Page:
That’s not to say that Miley and her handlers don’t occasionally do real harm; her twerking performance at this year’s VMAs was pretty bad, and is, by now, well-covered territory: it objectified the bodies of the black dancers around her and appropriated a culture she doesn’t belong to and uses only for tired shock value. She’s also trying uncomfortably hard to negate her own privilege as a young, wealthy white woman from a big-deal country music family. She’s glommed onto what she sees as visible symbols of black culture, or rather the imagery of Dirty South hip-hop, though it’s not clear if she quite sees the difference–gold grills and nail art and plentiful, oblivious use of the word “ratchet.”

See also: Blondie’s Debbie Harry Has Some Advice for Miley Cyrus

The point is, whatever else she’s doing wrong, Miley’s not dealing womanly purity any death blows with what she does onstage. And Boteach and everybody else knows what she’s really attempting, with the help of her manager, Larry Rudolph, the same guy who once ran Britney Spears Inc.: to make an awkward transition from Disney star to a sexaaaaaay adult pop sensation.

Boteach recognizes the difficulty of that move, writing, “Her twerking raises our eyebrows … until it doesn’t. Britney Spears tried it all before. She jerked, twerked, bumped, grinded, and bared nearly all. But her career has been reduced to playing a two-year gig at the Planet Hollywood in Vegas, and even that’s a last-ditch effort to rescue her from terminal oblivion.”

But that career oblivion isn’t Britney’s fault, and it won’t be Miley’s, when it comes for her too. They’re the product of a patriarchal culture that grinds up young women and spits them out when they’re (ever so slightly) older or less thin. Britney has babies and mental health issues and she’s older than 19, and now the Music Industrial Complex has moved on. But Brit didn’t grind away all her dignity or self-worth, and Miley can’t twerk away hers. She’ll be churned out by the fame meat grinder when she’s no longer quite as aesthetically pleasing in that teddy, but the blame doesn’t lie with her. That doesn’t mean Miley’s a helpless pawn in the game–it just means that no matter how skilfully she plays it, she’s always going to lose. The real answer is to upend the chess board and set it on fire, not chastise the pieces.

And that gets us to our real problem here: Rabbi Shmuley has no idea what feminism means. He writes, “The message of feminism, as I understand and embrace it, is simply this: of all the qualities a woman has–from her beautiful body to her sensual nature–nothing is as important as her brain. Her mind dare never be subordinated to any other feature.”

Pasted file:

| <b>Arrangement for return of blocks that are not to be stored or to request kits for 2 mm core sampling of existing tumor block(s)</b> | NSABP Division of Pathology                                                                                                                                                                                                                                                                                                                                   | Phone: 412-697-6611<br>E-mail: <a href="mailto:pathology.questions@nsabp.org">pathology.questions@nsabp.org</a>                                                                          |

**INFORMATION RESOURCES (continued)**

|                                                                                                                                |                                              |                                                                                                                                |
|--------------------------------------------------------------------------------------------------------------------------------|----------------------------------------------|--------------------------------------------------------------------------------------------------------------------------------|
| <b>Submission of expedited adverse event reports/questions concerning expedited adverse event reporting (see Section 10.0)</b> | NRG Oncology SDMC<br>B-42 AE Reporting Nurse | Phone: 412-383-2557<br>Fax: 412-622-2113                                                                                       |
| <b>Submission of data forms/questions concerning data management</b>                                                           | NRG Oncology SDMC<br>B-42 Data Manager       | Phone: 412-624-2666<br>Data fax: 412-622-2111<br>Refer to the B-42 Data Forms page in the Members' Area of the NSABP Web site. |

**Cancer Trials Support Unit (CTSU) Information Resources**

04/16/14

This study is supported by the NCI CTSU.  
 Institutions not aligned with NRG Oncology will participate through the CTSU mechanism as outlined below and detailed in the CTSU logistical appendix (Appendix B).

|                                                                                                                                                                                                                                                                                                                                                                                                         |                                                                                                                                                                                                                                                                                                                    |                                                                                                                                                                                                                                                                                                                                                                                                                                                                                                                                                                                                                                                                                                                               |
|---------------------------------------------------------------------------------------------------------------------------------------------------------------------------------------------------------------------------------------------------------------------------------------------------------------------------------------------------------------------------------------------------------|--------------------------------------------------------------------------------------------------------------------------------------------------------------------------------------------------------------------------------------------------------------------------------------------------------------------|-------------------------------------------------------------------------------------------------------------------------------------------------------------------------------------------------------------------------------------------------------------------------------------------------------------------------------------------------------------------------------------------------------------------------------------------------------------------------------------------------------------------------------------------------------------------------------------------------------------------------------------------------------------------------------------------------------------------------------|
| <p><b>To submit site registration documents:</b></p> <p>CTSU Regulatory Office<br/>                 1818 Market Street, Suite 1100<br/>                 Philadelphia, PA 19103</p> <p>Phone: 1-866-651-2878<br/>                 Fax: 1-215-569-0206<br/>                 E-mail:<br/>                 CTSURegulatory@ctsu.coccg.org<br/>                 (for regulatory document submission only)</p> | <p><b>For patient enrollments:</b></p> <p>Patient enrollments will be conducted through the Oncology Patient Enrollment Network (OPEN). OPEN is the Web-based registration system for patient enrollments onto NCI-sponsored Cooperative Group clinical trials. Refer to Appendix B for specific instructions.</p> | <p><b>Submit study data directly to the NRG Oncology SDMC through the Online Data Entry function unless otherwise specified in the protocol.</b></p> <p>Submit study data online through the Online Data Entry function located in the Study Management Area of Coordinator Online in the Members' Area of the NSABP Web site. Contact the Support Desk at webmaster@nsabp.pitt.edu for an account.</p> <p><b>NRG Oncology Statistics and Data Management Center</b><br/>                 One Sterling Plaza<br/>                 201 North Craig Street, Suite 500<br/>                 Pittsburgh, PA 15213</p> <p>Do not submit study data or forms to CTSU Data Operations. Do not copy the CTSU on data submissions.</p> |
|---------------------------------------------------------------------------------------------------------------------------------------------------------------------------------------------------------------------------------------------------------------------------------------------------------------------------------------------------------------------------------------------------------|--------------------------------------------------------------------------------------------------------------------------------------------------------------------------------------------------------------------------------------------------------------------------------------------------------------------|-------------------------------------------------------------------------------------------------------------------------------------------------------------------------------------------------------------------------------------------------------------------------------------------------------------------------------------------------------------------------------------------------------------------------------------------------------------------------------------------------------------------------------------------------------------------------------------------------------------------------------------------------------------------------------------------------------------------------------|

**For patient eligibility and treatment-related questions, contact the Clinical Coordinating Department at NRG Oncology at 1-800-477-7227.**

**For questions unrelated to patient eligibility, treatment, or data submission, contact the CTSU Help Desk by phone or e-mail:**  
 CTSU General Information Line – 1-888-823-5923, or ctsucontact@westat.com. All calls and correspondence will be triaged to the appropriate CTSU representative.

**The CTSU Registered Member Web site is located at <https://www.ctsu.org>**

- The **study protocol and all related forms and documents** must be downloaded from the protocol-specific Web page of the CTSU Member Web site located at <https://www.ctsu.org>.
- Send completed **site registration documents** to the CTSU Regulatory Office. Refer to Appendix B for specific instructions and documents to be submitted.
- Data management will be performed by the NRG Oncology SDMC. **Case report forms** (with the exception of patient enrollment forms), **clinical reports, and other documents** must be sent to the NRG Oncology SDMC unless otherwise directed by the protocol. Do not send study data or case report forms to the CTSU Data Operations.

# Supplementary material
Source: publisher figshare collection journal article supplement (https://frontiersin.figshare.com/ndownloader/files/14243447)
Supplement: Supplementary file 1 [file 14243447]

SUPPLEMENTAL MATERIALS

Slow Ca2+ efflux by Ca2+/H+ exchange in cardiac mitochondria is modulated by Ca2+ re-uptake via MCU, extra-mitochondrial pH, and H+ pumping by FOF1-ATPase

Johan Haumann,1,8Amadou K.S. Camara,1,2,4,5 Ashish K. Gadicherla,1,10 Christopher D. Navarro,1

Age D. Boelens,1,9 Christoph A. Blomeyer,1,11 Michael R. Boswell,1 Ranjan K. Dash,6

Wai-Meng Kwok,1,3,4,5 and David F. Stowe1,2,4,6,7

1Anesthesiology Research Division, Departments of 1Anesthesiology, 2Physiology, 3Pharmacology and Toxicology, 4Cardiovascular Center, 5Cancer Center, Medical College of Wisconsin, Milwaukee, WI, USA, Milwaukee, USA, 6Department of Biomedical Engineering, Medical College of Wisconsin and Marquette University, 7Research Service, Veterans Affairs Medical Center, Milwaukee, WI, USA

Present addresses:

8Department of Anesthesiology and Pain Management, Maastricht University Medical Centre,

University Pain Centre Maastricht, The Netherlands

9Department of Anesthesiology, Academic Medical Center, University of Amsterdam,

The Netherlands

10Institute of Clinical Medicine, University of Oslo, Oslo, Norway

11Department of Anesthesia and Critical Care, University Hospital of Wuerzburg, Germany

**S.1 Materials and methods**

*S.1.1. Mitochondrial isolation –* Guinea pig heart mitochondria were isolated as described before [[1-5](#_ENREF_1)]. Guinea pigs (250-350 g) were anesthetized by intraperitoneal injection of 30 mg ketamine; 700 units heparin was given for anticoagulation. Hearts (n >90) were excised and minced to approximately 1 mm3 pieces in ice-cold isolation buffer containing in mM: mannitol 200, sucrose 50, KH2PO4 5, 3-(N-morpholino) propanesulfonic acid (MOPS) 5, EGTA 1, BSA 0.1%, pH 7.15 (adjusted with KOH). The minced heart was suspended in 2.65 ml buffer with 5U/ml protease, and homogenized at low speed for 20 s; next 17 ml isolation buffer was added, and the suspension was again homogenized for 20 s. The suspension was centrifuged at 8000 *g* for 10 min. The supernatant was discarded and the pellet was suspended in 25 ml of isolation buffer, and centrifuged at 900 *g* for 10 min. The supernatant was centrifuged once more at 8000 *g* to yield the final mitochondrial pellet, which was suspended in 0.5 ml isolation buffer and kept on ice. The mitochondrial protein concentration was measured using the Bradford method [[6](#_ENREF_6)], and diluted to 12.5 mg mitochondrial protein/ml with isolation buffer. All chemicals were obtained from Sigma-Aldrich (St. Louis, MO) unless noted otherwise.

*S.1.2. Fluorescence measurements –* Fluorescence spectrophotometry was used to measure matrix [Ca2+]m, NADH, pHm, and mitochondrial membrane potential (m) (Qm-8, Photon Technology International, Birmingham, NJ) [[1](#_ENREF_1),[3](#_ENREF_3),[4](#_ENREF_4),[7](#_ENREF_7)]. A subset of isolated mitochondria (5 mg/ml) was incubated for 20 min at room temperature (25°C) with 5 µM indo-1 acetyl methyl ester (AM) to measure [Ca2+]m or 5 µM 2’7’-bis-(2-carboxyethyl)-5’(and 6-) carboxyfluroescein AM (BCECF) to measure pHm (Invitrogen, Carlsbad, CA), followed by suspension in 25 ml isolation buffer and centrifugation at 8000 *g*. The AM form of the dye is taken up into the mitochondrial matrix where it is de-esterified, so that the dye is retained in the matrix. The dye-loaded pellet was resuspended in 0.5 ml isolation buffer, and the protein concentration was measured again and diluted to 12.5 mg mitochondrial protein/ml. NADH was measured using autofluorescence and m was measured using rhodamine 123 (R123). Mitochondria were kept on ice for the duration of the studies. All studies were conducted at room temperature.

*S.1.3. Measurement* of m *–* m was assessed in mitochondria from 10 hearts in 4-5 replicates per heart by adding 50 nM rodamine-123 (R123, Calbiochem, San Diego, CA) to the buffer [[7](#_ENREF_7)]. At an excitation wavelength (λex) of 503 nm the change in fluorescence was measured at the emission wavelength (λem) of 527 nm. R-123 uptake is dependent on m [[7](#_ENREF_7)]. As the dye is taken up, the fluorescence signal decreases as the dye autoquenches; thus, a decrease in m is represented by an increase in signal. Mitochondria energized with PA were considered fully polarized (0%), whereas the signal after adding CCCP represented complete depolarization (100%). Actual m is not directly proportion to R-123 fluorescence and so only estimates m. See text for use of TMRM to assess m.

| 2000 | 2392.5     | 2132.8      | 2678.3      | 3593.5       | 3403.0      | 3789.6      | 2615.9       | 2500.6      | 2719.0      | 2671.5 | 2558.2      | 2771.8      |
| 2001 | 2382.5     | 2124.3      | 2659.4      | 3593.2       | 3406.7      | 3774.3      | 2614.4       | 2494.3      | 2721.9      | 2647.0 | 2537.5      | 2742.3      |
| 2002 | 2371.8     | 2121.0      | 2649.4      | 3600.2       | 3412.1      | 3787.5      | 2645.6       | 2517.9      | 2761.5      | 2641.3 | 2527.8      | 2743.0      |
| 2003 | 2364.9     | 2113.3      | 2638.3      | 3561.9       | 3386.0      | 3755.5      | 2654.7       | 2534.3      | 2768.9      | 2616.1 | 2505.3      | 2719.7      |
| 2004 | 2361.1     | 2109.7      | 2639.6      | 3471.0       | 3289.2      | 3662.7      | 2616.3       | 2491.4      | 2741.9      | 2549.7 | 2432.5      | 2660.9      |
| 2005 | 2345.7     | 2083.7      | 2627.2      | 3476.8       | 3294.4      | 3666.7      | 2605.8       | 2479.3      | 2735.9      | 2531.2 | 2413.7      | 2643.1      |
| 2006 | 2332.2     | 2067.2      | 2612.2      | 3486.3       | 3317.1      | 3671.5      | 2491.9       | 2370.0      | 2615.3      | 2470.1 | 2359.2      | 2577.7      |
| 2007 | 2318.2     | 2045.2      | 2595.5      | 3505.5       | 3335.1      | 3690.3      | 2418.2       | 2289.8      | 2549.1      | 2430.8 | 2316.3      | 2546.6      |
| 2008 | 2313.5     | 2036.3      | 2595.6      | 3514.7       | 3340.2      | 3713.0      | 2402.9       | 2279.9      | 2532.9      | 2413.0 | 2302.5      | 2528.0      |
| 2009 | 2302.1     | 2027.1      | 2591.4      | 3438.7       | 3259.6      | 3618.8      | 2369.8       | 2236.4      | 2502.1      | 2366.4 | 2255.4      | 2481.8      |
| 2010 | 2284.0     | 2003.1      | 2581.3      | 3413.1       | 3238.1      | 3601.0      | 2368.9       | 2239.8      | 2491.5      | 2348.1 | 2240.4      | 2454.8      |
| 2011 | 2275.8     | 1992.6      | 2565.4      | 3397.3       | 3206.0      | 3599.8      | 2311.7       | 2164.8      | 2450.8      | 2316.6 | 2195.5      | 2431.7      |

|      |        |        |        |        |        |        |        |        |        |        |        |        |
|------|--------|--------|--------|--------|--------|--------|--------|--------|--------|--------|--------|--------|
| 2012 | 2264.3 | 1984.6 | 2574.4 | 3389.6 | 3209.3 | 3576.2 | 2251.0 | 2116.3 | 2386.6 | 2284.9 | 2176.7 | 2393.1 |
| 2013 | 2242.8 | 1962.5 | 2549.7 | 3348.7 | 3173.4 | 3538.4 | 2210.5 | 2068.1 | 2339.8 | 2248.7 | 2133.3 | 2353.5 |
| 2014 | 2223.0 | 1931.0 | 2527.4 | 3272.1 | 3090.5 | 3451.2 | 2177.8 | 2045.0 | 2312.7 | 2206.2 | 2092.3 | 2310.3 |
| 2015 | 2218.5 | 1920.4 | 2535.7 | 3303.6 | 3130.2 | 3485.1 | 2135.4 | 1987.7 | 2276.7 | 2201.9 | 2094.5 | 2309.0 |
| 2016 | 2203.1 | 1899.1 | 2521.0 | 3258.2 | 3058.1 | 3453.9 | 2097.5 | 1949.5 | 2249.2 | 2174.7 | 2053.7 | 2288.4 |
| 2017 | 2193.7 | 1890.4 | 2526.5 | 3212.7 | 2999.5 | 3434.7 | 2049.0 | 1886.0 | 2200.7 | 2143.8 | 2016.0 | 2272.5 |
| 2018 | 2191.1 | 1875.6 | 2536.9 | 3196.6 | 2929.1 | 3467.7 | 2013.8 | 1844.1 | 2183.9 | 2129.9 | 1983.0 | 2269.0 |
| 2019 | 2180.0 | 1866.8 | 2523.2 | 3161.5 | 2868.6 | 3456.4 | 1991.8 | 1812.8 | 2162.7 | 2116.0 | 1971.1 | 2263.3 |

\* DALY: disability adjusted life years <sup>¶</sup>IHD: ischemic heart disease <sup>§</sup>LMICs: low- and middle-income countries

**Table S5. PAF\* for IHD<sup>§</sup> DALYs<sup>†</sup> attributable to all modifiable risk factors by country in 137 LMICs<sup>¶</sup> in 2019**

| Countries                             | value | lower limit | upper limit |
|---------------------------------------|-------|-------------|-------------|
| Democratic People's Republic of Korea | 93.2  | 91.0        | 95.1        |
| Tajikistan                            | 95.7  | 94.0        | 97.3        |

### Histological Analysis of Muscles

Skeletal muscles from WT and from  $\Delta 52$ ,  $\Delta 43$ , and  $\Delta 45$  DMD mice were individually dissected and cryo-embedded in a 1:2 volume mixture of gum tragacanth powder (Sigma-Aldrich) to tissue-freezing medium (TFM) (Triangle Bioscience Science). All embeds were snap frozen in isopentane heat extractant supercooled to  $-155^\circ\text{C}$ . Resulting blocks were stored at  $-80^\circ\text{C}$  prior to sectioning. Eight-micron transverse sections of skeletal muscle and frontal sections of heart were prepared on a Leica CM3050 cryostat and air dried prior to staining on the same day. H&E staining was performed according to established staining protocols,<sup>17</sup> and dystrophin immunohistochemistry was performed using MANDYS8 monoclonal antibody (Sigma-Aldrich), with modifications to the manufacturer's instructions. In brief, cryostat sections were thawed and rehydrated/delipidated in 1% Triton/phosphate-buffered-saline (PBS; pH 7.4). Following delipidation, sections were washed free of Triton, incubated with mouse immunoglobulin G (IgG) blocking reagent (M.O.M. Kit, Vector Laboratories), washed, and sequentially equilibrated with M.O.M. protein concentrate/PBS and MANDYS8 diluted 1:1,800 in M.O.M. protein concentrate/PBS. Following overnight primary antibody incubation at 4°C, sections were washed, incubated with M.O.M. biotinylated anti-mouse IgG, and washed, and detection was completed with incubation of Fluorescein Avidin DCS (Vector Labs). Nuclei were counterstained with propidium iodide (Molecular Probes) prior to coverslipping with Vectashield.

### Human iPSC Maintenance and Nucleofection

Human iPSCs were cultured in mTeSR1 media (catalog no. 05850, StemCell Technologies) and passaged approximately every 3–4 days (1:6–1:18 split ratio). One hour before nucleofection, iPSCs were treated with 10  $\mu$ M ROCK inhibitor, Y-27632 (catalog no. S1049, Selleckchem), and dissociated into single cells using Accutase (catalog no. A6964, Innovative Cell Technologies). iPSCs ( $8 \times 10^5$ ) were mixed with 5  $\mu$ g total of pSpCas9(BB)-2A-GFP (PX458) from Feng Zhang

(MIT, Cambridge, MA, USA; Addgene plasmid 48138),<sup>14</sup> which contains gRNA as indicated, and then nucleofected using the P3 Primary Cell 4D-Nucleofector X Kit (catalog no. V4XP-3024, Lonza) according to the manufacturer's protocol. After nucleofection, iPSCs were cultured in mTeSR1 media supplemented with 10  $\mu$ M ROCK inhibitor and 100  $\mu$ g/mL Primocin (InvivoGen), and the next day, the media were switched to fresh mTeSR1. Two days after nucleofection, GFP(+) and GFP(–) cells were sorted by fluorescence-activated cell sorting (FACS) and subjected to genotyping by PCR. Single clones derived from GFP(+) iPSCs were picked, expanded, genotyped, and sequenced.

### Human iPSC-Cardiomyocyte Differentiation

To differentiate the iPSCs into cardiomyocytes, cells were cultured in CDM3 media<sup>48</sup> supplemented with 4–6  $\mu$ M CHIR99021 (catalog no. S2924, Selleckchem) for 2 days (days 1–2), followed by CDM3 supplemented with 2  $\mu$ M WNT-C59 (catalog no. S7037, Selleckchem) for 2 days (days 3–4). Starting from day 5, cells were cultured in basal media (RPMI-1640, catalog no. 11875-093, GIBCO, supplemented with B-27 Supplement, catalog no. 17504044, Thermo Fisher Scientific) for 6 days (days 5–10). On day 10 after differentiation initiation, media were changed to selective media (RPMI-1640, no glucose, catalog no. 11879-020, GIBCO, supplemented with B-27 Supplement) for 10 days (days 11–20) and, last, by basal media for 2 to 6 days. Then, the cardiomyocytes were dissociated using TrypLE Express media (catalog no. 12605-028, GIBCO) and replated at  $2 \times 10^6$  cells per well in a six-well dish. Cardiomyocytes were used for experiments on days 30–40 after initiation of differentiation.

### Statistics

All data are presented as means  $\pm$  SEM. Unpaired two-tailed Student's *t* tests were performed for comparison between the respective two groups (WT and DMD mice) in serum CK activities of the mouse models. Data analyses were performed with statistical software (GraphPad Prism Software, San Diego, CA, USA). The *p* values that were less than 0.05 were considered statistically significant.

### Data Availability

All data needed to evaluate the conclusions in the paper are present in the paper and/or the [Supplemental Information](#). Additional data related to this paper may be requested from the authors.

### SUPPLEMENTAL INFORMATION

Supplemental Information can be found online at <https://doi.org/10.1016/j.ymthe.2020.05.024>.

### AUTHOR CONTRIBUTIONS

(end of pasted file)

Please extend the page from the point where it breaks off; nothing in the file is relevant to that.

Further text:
But that’s not anybody’s definition of feminism, except, I guess, Shmuley’s. In fact, feminism doesn’t mean brains trump vag. It means insisting everyone in society should be afforded basic dignity and worth, regardless of vagina or what you do with it. Feminism also insists on social equality for everybody regardless of a lot of other things: skin color, disability, income, gender presentation, or gender identity.

An insistence on cavorting around in unfortunate flesh-colored underthings doesn’t devalue you as a human being, because all human beings have inherent dignity and worth. All that squawking we feminists do about equal pay and not being objectified against our will is, fundamentally, a request for social dignity, even though we’re burdened down with these big, heavy, attention-getting vaginas.

But genitals and sexy music videos and a pre-Women’s Studies 101 understanding of feminism aren’t what Boteach is really writing about. He’s merely trying to plug that book of his, Kosher Lust, which he manages with a thunking lack of subtlety round about the fifth graf. But there too he fails; the joy of hetero, married sex–the only kind Orthodox Judaism condones, even if Boteach has taken a more accepting view towards LGBT folks in the past–has nothing to do with Miley. It has precious little to do with feminism. And Boteach’s floundering attempts to write about subject matter that’s way, way out of his depth are embarrassing and sad, but they don’t devalue him as a person either.

Rabbi, you can don a teddy any time you like and show off all your parts, and we’ll still be obligated to look upon you as a social equal. Feminism is for everybody, even when we have to grit our teeth.